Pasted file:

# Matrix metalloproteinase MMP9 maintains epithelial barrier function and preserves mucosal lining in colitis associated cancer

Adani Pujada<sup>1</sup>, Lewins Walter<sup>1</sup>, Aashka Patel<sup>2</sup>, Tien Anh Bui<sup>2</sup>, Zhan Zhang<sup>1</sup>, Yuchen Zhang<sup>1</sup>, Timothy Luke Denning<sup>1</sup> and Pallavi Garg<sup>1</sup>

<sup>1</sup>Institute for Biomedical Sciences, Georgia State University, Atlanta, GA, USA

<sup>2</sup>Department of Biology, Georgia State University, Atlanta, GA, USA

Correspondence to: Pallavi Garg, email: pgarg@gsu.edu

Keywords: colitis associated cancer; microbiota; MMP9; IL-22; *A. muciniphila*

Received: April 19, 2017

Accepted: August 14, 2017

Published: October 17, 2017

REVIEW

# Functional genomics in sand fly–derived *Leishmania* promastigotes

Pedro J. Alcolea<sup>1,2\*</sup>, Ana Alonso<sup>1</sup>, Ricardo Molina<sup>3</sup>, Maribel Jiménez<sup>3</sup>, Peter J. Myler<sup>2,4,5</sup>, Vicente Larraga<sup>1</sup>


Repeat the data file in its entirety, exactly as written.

# Matrix metalloproteinase MMP9 maintains epithelial barrier function and preserves mucosal lining in colitis associated cancer

Adani Pujada<sup>1</sup>, Lewins Walter<sup>1</sup>, Aashka Patel<sup>2</sup>, Tien Anh Bui<sup>2</sup>, Zhan Zhang<sup>1</sup>, Yuchen Zhang<sup>1</sup>, Timothy Luke Denning<sup>1</sup> and Pallavi Garg<sup>1</sup>

<sup>1</sup>Institute for Biomedical Sciences, Georgia State University, Atlanta, GA, USA

<sup>2</sup>Department of Biology, Georgia State University, Atlanta, GA, USA

Correspondence to: Pallavi Garg, email: pgarg@gsu.edu

Keywords: colitis associated cancer; microbiota; MMP9; IL-22; *A. muciniphila*

Received: April 19, 2017

Accepted: August 14, 2017

Published: October 17, 2017

REVIEW

# Functional genomics in sand fly–derived *Leishmania* promastigotes

Pedro J. Alcolea<sup>1,2\*</sup>, Ana Alonso<sup>1</sup>, Ricardo Molina<sup>3</sup>, Maribel Jiménez<sup>3</sup>, Peter J. Myler<sup>2,4,5</sup>, Vicente Larraga<sup>1</sup>